A high population density may, in some instances, lead to inconveniences. Some of these inconveniences, like traffic and crowded sidewalks, are frustrating while others, such as a lack of resources, may be dangerous. Ethologist John B. Calhoun studied the effects of increased population density on the behavior of mice and concluded his studies with the theory of the behavioral sink. The theory is still largely contested and influences studies of human behavior, and this article will seek to answer the questions: what is a behavioral sink and how valid is the theory?
At the start of the study, Calhoun crafted a utopia where the mice could thrive in a secluded space and reproduce without a fear of predators or a lack of resources.
The mice utopia quickly spiraled into chaos once overcrowding commenced. In the worst instances of overpopulation, pregnant female mice experienced a higher number of miscarriages and mothers were losing track of their children. Other mice resorted to fighting when in direct contact with other mice for prolonged periods.
The strange actions of the group of mice are assumedly correlated with the heightened population; this relationship is then referred to as “behavioral sinks.” Calhoun reported the results of his mice experiment in the 1962 issue of Scientific American, and the concept of the behavioral sink soon garnered the attention of the public.
The work eventually proved controversial for a few reasons: first, the behavior of mice cannot be used independently to understand the behavior of humans; second, when scientists tried to study the behavioral sink theory in humans, they had to decide which human behaviors they would consider similar to the unusual behavior of the mice. For instance, some mice exhibited different sexual behaviors ranging from asexuality to bisexuality; and third, in order to detect this behavior in human beings, some researchers used STDs and illegitimacy as equivalents, an obviously offensive comparison.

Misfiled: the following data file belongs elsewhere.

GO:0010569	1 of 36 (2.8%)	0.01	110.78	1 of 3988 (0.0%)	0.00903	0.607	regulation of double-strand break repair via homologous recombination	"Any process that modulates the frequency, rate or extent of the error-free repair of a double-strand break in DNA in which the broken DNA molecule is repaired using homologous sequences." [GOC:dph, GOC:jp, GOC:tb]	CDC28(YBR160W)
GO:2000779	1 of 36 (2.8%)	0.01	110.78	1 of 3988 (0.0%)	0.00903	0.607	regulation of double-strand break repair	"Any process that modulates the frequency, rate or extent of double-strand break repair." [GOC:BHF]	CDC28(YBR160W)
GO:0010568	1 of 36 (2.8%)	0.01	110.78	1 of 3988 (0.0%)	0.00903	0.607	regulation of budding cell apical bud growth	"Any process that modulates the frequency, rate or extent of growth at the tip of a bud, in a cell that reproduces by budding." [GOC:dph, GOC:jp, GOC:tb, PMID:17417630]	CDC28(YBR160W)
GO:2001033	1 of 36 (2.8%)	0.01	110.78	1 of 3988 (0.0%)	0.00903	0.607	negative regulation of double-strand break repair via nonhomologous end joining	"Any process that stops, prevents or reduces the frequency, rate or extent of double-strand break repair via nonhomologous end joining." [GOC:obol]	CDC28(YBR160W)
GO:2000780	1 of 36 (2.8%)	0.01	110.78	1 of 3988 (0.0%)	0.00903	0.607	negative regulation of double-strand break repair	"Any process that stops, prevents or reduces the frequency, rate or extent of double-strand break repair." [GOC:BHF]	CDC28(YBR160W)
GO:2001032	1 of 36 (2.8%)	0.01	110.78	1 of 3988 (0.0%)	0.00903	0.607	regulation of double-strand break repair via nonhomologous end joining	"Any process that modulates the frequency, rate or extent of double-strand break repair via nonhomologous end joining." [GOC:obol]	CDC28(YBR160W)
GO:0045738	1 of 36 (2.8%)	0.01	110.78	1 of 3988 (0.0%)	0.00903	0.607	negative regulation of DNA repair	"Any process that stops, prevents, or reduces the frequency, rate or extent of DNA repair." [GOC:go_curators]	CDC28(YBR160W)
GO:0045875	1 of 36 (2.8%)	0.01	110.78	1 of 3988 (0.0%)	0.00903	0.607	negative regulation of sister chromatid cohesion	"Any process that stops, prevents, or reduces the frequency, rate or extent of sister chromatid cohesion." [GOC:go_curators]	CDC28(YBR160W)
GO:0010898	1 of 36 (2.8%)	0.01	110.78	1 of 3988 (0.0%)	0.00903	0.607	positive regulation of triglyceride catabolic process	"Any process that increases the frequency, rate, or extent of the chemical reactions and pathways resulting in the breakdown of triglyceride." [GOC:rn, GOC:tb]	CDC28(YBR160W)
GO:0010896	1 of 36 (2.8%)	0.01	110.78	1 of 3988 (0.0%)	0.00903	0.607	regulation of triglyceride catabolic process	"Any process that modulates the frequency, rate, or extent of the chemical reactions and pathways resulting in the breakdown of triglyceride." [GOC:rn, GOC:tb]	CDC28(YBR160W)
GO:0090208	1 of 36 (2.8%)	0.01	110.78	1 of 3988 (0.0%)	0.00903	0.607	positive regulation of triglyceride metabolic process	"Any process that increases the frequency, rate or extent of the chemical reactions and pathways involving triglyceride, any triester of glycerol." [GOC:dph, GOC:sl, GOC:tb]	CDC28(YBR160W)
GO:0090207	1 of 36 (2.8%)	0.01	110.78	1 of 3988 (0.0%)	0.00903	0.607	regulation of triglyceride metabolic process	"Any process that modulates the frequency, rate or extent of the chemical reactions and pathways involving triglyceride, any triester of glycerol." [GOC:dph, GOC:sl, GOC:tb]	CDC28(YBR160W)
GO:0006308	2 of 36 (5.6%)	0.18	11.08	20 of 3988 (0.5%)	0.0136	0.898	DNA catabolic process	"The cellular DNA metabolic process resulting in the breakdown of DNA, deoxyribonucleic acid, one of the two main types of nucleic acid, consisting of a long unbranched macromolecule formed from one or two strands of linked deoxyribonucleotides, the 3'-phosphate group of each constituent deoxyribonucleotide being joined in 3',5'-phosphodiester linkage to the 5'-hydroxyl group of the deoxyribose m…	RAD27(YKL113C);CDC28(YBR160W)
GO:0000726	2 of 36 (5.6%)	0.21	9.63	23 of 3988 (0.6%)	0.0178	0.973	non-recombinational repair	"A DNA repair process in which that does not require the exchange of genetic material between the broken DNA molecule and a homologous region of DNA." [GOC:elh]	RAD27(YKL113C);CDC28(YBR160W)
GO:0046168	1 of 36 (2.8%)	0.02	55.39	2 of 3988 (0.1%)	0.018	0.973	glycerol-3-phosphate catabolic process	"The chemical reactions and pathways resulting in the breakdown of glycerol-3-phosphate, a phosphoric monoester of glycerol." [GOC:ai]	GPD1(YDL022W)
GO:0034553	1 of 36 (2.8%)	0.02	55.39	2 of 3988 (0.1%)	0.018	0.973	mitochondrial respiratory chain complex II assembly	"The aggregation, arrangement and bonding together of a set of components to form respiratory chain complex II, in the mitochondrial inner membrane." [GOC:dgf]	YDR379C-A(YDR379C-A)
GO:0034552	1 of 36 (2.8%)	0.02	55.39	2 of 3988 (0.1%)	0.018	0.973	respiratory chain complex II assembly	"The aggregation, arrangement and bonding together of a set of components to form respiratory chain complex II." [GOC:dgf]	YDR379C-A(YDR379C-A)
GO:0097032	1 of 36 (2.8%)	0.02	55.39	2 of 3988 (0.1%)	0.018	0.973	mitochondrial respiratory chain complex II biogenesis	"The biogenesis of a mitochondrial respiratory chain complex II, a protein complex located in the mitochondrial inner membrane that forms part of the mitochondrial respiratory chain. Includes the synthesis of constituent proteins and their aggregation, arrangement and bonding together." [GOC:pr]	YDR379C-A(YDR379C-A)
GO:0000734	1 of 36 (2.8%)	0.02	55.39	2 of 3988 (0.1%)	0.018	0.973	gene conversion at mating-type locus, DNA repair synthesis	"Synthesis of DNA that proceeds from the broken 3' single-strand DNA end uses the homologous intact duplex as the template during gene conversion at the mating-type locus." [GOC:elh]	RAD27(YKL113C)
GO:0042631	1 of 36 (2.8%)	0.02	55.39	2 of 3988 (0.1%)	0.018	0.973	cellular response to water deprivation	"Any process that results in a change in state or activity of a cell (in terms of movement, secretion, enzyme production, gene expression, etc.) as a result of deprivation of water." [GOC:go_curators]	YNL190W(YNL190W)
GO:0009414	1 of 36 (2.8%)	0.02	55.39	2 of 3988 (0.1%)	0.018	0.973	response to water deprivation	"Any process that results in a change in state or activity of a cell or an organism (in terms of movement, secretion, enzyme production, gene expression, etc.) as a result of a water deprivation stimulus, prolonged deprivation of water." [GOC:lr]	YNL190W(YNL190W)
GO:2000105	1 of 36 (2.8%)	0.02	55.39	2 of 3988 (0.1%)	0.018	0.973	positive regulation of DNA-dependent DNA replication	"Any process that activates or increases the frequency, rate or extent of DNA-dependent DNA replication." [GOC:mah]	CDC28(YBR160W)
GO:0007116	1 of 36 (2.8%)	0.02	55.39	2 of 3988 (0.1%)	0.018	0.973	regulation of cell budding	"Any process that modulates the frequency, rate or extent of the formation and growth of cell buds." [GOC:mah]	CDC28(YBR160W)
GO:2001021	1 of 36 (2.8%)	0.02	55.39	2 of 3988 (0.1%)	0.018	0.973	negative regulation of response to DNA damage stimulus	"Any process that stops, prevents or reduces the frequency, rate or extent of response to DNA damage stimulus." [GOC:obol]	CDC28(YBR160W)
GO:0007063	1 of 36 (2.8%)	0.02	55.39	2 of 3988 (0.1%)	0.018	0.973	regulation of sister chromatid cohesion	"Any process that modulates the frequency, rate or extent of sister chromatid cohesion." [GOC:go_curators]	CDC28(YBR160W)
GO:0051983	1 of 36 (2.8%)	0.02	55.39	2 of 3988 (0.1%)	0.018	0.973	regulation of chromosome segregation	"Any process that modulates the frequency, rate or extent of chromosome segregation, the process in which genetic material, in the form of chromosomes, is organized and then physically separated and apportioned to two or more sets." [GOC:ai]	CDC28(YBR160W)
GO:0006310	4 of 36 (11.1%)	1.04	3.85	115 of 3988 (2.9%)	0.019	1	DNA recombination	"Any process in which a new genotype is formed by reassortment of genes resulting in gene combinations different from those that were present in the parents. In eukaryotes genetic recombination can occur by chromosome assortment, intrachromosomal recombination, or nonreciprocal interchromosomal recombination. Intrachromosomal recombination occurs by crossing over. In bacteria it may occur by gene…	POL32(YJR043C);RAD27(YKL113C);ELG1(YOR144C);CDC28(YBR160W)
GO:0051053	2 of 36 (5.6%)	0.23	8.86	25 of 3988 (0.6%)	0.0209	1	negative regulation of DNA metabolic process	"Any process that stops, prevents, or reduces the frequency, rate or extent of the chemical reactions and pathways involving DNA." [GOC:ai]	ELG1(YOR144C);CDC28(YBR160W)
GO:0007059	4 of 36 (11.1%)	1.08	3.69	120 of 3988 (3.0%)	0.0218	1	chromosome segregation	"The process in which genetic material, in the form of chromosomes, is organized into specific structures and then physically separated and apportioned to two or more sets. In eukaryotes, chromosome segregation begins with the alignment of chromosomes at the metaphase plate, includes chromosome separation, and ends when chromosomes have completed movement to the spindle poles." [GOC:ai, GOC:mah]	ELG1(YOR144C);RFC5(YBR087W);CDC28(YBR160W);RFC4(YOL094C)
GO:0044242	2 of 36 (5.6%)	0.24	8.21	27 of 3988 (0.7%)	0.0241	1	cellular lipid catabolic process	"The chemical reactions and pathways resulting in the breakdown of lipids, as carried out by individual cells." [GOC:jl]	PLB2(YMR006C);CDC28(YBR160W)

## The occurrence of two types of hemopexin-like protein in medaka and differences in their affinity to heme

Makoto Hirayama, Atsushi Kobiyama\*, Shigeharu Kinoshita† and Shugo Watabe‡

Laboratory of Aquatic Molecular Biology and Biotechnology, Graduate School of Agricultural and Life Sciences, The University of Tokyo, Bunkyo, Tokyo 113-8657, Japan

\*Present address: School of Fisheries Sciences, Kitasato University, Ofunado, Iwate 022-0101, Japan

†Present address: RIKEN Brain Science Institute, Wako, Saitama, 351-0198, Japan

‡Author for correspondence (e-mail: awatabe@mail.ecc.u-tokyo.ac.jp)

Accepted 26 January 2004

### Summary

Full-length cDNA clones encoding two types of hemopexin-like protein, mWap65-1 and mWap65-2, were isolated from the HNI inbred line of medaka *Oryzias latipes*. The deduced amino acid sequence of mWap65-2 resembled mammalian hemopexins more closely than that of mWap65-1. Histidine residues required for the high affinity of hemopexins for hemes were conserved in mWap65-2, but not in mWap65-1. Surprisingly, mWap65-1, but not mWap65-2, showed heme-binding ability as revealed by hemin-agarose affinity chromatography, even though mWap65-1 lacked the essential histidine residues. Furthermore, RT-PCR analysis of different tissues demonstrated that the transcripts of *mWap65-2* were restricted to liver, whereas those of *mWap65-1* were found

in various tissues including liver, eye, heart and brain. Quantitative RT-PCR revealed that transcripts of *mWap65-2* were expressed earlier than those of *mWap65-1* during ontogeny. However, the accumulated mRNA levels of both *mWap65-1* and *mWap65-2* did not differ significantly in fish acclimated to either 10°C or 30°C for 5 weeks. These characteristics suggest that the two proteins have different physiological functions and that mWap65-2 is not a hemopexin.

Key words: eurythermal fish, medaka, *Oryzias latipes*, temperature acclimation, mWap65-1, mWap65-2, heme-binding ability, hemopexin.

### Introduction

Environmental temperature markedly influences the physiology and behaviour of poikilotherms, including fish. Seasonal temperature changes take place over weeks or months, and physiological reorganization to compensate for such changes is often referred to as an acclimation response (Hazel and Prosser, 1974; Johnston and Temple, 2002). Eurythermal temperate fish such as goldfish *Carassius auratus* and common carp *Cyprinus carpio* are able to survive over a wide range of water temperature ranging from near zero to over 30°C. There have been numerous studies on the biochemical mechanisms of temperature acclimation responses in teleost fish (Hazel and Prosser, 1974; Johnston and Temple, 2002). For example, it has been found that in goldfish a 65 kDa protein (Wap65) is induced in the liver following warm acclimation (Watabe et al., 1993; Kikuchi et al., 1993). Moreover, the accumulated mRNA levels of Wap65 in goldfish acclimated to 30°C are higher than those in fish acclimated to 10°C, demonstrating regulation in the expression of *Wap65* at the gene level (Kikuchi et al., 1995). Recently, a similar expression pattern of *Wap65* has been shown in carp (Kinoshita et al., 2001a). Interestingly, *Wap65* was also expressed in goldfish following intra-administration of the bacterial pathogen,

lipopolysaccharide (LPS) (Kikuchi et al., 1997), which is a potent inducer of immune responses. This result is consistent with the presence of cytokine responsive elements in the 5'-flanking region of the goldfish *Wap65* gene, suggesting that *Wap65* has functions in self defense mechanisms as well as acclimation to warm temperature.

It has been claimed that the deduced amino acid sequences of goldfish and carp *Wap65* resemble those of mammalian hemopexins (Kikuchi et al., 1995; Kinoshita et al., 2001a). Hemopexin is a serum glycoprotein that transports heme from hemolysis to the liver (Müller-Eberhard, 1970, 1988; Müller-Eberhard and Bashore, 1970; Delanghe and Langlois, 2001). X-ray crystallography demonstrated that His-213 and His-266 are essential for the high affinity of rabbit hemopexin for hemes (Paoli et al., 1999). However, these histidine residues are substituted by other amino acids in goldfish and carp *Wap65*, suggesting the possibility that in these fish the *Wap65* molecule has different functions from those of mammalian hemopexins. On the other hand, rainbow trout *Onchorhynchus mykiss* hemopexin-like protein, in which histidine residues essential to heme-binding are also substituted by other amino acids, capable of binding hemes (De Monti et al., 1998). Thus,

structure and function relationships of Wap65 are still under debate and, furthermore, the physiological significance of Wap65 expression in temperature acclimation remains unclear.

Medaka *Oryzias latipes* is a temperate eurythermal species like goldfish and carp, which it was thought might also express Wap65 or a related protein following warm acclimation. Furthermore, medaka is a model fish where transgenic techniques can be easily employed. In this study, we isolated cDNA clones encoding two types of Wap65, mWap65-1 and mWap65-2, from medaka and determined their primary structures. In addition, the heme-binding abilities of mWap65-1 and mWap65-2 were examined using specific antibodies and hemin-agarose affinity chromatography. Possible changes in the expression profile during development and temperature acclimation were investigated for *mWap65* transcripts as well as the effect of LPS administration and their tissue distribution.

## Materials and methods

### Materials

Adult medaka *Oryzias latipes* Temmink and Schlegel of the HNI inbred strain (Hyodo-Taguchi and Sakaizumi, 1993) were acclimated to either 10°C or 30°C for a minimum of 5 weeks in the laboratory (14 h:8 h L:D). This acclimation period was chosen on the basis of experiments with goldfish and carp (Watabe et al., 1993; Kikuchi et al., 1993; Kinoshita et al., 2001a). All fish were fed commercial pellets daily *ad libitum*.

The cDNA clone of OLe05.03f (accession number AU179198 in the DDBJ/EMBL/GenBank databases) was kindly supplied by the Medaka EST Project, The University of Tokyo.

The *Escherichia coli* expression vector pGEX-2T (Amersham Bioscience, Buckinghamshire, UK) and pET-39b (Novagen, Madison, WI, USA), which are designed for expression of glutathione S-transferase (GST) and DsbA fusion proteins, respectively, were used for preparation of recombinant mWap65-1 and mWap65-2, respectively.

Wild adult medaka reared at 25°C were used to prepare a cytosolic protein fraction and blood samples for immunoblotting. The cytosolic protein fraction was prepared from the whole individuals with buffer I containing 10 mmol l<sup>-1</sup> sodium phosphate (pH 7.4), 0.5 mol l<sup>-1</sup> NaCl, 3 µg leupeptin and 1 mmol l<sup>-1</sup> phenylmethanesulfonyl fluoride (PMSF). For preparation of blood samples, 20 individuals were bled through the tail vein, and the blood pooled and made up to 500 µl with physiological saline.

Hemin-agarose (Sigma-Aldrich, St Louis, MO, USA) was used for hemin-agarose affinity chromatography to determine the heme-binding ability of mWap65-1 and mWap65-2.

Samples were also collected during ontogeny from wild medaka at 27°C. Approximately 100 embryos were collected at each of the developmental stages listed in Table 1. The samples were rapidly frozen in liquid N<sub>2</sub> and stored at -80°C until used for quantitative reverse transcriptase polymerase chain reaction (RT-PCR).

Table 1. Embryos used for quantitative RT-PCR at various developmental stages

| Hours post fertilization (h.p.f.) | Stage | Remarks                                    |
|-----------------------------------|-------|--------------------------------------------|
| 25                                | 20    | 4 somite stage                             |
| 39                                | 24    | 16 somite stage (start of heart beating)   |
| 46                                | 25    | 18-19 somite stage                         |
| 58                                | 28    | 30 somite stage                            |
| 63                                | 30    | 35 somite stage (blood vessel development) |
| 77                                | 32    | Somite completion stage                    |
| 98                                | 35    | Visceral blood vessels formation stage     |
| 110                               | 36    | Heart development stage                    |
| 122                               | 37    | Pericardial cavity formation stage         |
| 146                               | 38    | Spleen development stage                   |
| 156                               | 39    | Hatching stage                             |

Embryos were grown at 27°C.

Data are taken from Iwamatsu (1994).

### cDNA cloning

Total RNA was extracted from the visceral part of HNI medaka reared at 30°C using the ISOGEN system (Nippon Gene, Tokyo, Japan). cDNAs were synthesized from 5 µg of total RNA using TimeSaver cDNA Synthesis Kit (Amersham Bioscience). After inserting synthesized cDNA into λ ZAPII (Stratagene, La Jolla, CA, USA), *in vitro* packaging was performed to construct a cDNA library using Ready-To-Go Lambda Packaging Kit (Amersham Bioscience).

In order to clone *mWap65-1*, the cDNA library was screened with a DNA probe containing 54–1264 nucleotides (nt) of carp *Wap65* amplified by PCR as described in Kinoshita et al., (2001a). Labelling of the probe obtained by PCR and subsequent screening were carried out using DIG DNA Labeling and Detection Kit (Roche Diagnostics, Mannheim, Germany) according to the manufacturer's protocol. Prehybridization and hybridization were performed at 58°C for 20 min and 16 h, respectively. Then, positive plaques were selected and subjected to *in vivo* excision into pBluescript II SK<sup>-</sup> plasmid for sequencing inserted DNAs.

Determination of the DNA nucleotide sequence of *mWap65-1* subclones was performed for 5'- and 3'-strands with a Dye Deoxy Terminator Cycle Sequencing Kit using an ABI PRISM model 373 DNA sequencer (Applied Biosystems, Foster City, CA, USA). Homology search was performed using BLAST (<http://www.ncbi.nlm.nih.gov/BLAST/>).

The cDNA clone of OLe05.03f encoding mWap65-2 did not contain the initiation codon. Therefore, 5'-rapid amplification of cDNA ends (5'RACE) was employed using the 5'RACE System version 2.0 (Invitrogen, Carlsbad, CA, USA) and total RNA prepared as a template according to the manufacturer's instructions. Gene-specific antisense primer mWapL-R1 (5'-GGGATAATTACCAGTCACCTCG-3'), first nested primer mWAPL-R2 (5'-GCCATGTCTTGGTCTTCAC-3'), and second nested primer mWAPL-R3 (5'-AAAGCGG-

The other controversy involved further experiments that proved the theory of behavioral sink did not hold up in human populations. Psychologist Jonathan Freedman conducted a similar, but significantly more humane, experiment with students to observe their behavior in situations of overcrowding in which he found no negative effects of overcrowding, but instead of over-socialization.
“Rats may suffer from crowding; human beings can cope,” stated Freedman in regards to Calhoun’s findings.
The theory played on the anxieties of those who disliked crowded areas, which were often people of low-income. Many felt that there was not only a higher rate of general crime in the low-income areas, but that there was also a higher chance that a crime would be committed against them. These classist conclusions led some to ask: what are the positive contributions of the behavioral sink theory?
Calhoun began to explore the importance of “spiritual space” as well as physical space, a concept that aligned pretty directly with Freedman’s theory of coping strategies. Calhoun cited creativity and art as giving people the ability to create distance between others in order to cope with overcrowding. This concept of stress related to over-socialization was a part of Calhoun’s experiments that positively influenced thought and research well after the 1970s.
– Danielle Poindexter